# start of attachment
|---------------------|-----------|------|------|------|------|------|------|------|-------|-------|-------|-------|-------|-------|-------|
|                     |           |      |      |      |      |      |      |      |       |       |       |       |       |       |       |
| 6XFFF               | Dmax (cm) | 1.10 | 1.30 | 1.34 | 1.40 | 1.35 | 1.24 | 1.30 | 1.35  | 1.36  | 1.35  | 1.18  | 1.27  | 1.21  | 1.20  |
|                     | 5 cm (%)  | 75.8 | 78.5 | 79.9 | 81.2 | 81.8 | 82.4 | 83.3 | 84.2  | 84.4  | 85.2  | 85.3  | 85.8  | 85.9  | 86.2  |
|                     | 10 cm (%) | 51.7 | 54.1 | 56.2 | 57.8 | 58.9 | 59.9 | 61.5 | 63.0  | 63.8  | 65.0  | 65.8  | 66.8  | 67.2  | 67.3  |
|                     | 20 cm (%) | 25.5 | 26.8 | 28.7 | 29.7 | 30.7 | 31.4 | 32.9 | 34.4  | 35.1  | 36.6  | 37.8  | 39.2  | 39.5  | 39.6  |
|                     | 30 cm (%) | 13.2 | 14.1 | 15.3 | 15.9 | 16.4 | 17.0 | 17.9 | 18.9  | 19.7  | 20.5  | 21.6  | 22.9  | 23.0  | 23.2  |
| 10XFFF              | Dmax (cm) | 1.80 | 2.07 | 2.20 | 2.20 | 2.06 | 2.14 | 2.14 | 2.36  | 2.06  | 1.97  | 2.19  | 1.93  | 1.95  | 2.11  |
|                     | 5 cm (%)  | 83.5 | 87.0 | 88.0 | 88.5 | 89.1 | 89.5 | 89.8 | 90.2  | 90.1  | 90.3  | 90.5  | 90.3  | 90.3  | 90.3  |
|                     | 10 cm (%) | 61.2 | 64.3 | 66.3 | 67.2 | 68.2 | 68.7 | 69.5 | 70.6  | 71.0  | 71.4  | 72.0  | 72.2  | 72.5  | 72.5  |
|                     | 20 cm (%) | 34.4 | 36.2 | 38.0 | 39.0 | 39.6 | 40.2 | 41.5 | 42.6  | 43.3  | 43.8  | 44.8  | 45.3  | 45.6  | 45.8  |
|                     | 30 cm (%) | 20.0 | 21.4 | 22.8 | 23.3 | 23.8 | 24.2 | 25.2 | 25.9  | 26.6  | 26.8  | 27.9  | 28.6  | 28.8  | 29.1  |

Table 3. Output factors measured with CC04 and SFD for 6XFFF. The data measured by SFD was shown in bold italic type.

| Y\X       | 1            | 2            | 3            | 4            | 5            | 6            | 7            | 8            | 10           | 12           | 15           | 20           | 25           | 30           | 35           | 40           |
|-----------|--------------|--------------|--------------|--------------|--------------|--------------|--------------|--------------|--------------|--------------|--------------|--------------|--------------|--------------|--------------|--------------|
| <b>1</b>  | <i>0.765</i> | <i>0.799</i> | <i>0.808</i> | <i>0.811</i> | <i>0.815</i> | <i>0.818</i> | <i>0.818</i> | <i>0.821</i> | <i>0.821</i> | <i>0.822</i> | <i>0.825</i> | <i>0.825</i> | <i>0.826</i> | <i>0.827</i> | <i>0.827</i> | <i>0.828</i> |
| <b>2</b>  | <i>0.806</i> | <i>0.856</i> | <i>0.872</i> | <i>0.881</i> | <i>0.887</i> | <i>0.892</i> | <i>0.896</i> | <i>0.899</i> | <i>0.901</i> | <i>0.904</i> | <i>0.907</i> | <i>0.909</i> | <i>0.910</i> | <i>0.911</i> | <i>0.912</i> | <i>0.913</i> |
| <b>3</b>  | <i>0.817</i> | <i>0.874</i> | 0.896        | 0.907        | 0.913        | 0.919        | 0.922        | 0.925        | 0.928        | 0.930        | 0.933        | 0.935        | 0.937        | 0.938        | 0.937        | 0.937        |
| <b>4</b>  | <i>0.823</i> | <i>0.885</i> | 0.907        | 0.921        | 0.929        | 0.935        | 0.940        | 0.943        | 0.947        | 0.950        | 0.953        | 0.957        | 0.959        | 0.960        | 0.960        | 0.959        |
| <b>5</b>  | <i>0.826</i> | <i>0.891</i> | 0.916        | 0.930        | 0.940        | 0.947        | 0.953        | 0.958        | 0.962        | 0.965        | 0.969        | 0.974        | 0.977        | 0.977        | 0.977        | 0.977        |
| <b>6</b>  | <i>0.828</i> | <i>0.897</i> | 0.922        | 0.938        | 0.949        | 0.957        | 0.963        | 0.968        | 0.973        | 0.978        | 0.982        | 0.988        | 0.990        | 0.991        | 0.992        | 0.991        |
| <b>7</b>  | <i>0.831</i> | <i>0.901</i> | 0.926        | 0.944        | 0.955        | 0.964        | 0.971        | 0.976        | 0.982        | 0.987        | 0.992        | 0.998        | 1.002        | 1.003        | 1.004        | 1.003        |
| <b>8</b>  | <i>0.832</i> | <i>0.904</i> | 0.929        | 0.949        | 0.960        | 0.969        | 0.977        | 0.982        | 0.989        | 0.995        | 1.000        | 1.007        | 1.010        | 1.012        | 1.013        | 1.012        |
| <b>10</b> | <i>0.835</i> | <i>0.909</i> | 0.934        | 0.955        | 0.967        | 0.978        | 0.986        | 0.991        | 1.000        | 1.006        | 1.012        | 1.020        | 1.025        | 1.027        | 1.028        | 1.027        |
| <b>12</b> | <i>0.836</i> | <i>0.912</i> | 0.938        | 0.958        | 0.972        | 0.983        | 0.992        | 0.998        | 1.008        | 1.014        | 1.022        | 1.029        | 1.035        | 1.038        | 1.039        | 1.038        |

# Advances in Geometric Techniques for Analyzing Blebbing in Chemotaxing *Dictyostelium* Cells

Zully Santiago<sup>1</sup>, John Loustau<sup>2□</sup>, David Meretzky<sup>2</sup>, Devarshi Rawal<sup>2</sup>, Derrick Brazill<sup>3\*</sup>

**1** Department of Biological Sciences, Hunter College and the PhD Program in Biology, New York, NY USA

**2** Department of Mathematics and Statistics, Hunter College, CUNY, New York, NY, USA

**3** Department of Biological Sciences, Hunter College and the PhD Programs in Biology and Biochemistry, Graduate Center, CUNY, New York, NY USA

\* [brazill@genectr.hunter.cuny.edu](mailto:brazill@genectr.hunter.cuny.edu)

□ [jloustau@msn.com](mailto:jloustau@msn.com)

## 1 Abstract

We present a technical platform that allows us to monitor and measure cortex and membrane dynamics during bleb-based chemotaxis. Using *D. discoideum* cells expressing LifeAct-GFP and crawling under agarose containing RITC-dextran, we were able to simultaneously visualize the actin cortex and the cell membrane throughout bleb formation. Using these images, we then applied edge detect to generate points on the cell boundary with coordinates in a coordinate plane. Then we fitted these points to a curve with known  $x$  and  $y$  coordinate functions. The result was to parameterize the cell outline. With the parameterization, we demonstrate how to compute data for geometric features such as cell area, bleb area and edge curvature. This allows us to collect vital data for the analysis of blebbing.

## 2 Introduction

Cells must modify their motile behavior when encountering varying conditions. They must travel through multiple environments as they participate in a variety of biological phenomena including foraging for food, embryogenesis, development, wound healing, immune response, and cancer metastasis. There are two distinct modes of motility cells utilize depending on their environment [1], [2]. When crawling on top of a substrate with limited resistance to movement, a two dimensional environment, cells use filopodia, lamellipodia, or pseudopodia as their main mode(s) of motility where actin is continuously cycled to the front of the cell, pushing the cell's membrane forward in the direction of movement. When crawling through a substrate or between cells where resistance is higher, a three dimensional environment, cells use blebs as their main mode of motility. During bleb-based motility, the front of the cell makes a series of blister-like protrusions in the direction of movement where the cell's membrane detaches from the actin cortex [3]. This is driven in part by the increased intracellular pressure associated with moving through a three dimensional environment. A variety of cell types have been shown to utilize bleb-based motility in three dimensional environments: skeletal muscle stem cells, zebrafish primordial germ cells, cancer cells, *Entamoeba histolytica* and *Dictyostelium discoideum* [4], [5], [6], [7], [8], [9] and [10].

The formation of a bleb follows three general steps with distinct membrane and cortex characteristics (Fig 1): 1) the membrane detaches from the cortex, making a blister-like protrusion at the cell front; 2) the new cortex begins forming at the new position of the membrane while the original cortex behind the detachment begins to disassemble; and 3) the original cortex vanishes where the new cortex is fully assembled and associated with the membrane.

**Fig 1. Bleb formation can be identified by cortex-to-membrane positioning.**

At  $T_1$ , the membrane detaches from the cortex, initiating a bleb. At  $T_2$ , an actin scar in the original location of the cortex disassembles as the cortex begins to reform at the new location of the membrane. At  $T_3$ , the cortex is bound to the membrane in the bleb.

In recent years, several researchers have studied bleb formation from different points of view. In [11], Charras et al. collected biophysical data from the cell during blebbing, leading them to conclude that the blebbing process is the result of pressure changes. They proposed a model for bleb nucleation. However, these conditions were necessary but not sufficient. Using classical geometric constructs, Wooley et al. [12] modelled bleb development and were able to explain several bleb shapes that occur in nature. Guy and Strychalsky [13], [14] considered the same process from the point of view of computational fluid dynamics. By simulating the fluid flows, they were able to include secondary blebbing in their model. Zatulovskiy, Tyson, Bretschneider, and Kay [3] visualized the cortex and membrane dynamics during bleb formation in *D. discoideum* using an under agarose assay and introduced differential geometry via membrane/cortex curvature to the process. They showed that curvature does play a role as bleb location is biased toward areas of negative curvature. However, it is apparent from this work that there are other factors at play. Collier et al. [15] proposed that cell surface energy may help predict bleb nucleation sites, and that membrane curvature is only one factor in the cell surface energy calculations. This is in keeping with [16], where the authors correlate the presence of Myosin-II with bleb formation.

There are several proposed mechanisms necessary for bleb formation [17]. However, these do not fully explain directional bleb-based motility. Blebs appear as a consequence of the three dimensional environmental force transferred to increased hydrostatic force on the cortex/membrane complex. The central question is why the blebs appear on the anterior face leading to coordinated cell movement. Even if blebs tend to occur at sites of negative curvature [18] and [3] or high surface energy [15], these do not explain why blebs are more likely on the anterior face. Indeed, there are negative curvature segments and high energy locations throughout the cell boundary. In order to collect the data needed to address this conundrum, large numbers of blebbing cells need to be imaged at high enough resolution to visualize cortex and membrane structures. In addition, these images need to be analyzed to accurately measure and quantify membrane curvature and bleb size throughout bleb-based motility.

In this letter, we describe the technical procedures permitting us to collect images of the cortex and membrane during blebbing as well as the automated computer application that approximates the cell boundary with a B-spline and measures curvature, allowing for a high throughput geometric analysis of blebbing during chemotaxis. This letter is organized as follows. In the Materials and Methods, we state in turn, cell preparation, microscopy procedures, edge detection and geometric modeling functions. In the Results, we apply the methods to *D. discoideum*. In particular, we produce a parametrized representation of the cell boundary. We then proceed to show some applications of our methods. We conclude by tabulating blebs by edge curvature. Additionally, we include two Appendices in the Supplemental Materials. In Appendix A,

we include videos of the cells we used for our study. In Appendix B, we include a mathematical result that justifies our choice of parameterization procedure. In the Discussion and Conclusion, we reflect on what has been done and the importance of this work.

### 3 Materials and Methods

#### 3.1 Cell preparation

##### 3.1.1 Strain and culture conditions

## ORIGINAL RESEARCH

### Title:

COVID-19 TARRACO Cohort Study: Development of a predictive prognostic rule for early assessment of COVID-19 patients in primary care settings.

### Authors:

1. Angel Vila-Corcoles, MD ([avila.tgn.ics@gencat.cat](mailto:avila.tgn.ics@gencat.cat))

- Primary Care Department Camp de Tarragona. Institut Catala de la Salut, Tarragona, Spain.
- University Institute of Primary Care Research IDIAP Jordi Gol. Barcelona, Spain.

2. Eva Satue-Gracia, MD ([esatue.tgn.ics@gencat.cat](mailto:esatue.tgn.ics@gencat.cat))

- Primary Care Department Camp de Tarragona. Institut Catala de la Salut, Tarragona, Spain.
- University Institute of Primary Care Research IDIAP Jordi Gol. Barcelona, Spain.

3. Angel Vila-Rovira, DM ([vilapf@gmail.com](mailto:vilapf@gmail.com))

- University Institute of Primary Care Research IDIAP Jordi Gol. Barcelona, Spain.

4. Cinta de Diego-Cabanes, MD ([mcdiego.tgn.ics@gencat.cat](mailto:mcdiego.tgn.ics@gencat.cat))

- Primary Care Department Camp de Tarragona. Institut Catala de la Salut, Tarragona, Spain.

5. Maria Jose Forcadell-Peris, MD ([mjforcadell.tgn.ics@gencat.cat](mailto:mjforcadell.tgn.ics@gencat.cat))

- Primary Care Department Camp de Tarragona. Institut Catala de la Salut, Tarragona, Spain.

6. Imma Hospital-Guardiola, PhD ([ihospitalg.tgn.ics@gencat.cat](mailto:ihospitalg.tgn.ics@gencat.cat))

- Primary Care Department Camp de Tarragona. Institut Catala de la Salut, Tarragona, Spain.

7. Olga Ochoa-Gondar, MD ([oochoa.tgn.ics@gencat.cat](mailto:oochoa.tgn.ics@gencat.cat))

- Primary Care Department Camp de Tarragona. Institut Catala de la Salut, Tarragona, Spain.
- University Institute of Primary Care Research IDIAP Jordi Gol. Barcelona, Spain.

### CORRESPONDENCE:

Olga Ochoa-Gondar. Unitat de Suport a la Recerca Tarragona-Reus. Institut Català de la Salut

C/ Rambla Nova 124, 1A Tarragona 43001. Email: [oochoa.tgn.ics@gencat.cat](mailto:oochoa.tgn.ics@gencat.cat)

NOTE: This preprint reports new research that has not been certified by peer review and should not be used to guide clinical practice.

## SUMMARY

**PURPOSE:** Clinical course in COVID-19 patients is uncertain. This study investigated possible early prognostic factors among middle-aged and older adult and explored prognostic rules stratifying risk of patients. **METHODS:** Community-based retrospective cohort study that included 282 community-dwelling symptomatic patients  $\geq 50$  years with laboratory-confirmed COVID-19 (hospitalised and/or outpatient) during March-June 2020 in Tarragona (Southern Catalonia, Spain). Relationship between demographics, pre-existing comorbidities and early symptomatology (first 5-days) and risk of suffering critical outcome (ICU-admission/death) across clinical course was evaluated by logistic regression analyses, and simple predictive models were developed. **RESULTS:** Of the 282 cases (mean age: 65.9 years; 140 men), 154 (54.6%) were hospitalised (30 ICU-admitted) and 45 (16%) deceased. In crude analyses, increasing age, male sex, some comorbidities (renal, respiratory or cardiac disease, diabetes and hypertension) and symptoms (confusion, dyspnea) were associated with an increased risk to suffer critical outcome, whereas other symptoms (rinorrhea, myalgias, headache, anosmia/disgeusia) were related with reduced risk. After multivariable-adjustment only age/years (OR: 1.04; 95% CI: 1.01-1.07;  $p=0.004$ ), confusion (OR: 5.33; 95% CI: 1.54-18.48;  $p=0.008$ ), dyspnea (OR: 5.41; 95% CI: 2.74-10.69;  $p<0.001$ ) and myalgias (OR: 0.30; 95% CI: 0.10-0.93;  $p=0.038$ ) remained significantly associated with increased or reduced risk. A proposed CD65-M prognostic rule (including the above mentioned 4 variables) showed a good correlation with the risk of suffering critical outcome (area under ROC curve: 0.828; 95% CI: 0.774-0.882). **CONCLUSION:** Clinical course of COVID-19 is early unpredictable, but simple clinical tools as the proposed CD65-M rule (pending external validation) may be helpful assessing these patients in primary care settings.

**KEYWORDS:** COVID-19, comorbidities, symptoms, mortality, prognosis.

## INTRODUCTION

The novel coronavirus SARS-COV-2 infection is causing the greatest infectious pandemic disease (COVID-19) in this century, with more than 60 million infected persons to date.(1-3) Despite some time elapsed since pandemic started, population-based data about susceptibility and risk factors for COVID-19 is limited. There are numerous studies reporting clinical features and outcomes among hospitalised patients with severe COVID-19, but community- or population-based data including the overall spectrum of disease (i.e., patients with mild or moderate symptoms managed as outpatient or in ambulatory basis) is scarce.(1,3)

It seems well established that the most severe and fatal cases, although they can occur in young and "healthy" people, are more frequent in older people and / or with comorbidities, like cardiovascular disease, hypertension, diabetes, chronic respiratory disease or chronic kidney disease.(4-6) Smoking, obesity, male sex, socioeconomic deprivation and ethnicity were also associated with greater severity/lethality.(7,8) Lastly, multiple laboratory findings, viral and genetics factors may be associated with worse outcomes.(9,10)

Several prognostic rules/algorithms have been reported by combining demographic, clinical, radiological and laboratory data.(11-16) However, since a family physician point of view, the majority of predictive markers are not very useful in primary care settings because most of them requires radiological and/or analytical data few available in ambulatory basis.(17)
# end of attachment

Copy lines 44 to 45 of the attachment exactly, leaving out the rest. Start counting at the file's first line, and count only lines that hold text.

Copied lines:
### 3 Materials and Methods

#### 3.1 Cell preparation